Hi everyone. I’m delighted that we’ve been able to start singing together again after a six month gap. We all accept that things are constantly changing and that this may be a brief window of opportunity, but most of the choirs that I know of in Lewes have re-started rehearsals and choristers have been delighted to sing once more.
For me, first off were the Lewes Chamber Choir. We meet in Cliffe Hall where we are restricted to 19 people. We’ve met twice in September. The hall has put in place its own precautions and restrictions making it ‘Covid secure’. Then the choir has its own Risk Assessment. Hand gel is available. People book in. We do ‘track and trace’ and I take a photo of where everyone sits. Here’s the photos to prove it!
And last night my Community Choir met for the first time in St Thomas Church, Cliffe. We had to split the 60 singers who wanted to attend into 2 groups, so we had Sopranos for an hour, then altos, tenors and basses together for an hour. People were really pleased to get together and sing some lovely music. Next week we hope to have the tenors and basses for both hours, and we’ll split the sopranos and altos into two groups so that we have SATB throughout. The church has a lovely acoustic and half way through the Sopranos’ hour, someone came in and said we sounded like angels from outside!
In 10 days time we plan to hold our final Bach Motet workshop. Robin and I set up a series of 6 workshops, covering one of his six motets in each. We started in January and just got our fifth workshop in (Jesu, meine freude) before lockdown. We’ve had to reduce numbers for the last one, my favourite (Komm, Jesu, komm) but we are pretty much full (unless you’re a good tenor, of course).
A night away
This week Robin and I are visiting Knole near Sevenoaks in Kent. This the house that Vita Sackville-West would have liked to inherit but she was a woman, so it went to her brother!! The National Trust have just re-opened the house this week. And then we are returning to Tunbridge Wells and spending the night at the Hotel du Vin (special treat).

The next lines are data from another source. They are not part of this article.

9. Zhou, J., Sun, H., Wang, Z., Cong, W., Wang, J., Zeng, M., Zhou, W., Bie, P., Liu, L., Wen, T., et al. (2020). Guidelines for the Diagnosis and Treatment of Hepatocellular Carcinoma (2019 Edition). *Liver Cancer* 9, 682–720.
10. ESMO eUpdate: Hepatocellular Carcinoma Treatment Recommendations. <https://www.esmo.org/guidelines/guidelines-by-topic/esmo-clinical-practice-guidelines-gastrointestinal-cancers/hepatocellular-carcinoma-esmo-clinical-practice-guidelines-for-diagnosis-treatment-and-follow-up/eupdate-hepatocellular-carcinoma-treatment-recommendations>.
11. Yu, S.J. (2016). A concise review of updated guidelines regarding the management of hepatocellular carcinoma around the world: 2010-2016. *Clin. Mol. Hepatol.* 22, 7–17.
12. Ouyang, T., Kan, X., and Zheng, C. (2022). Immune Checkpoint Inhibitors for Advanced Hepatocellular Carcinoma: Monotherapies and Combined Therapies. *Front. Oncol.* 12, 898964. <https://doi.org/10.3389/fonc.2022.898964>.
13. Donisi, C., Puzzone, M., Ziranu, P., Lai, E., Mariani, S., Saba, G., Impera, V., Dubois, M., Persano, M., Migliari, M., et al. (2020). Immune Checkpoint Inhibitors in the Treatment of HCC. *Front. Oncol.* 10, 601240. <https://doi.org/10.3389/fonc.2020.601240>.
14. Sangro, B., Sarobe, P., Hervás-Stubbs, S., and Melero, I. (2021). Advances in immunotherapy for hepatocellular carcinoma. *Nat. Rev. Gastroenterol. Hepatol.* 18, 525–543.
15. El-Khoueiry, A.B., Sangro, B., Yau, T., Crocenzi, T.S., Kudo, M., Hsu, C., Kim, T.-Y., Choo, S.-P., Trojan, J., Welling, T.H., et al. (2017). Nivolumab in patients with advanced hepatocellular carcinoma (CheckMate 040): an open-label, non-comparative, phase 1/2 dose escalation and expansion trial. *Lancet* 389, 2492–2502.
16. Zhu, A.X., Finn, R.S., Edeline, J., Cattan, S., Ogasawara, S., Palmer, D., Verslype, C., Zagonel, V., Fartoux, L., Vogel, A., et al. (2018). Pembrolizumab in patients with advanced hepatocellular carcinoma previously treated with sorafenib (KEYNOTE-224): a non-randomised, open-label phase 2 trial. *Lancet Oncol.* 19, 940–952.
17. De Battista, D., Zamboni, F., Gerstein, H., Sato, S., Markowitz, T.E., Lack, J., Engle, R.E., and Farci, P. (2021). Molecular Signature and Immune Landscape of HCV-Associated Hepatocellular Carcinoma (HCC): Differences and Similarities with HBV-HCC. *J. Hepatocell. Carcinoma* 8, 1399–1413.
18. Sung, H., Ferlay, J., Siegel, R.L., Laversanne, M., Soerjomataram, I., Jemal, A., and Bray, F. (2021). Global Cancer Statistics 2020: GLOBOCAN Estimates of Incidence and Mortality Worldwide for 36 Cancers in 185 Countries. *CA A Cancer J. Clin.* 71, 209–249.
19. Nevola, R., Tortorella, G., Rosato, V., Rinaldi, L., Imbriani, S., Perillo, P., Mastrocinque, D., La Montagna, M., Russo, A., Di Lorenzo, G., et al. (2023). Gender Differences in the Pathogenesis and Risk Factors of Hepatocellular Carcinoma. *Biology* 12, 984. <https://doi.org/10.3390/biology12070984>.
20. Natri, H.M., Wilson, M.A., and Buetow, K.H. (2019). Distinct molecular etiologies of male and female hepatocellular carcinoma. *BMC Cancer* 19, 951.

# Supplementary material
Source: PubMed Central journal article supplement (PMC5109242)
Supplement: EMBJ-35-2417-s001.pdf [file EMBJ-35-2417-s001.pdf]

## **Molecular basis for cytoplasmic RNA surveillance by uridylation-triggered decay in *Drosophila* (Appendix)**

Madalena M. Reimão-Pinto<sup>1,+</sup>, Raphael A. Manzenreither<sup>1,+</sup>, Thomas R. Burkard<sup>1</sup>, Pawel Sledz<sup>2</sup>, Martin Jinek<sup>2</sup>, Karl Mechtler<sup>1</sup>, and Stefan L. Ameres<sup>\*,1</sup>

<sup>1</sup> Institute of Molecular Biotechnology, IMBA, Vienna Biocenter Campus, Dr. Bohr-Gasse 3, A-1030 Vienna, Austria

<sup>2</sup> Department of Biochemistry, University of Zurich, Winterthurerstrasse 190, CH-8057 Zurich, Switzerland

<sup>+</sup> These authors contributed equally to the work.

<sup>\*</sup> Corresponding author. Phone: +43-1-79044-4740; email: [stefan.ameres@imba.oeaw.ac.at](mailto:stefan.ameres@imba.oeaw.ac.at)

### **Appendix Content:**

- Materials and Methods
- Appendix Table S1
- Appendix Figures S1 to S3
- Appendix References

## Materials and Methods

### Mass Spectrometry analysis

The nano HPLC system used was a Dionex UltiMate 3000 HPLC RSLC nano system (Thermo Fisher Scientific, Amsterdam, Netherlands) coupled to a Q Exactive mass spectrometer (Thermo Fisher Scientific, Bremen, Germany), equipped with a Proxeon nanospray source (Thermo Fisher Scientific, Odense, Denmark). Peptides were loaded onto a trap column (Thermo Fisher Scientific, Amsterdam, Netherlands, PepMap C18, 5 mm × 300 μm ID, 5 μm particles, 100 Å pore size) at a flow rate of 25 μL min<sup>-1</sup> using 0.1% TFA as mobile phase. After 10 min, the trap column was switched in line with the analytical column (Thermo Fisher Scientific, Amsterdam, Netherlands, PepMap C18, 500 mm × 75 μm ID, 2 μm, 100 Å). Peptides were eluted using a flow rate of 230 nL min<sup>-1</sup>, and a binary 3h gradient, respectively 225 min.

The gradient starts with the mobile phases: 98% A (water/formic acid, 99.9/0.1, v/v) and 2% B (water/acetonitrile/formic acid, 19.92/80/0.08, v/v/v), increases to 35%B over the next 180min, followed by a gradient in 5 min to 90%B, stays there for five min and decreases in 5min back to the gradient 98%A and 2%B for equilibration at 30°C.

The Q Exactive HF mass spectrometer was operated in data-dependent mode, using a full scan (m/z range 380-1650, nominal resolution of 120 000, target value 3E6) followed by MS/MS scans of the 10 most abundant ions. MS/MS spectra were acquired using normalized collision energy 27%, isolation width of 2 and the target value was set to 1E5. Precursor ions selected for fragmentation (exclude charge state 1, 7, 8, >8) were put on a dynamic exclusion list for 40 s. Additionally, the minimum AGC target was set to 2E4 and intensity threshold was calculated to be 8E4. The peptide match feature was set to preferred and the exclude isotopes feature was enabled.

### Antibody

A couple of weeks ago in The Week, James Rebanks, who wrote The Shepherd’s Life (which I really enjoyed reading a few years ago) recommended five books, all of which sounded really interesting, so I bought the lot!
The Man who planted trees is a magical story of a French shepherd who spent his entire life planting trees, and succeeded in transforming an utterly barren landscape into a living and thriving place supporting a whole new community. The presence of so many trees leads to water and even streams appearing. Set in the early 20th century, it reads as if it’s a documentary and the many woodcuts make this a really lovely book to read and keep.
Rather more haunting is Hiroshima by John Hersey
Written just a year after the bomb was dropped in 1945, it tells of how six men and women lived through a truly horrific experience, and survived. We’ve all heard of Hiroshima, but this tells their incredible stories and brings to life what it really was like. I must find out what the Japanese involvement in WWII was, and what led to the American decision to carry out this atrocity.
And now I’m tackling Homer: The Odyssey, another of Rebank’s recommendations. It’s a new translation by an American: Emily Wilson and it looks like it reads really well. I’m being helped by Stephen Fry’s Mythos: The Greek Myths Retold which was recommended to me by my friend Peter Hanson (thanks Peter, it’s a really good introduction to those pesky Greeks).
And finally, I must tell you about Dara McAnulty! If you haven’t heard of him yet, you will. Robin reckons he’s the next David Attenborough. He’s 16 years old, autistic (like his Mum and both his siblings), and Diary of young naturalist is his writings over a year (aged 14-15).
He’s incredibly well read and knowledgeable and this book not only describes the nature he experiences around his home in Northern Ireland, but describes what goes on in his autistic mind – how he struggles to compute the bombardment of experiences that most of us manage with ease.
Well, I must get on with other things. I hope you all keep away from the dreaded lurgy, and that we can maintain our freedoms as much as possible.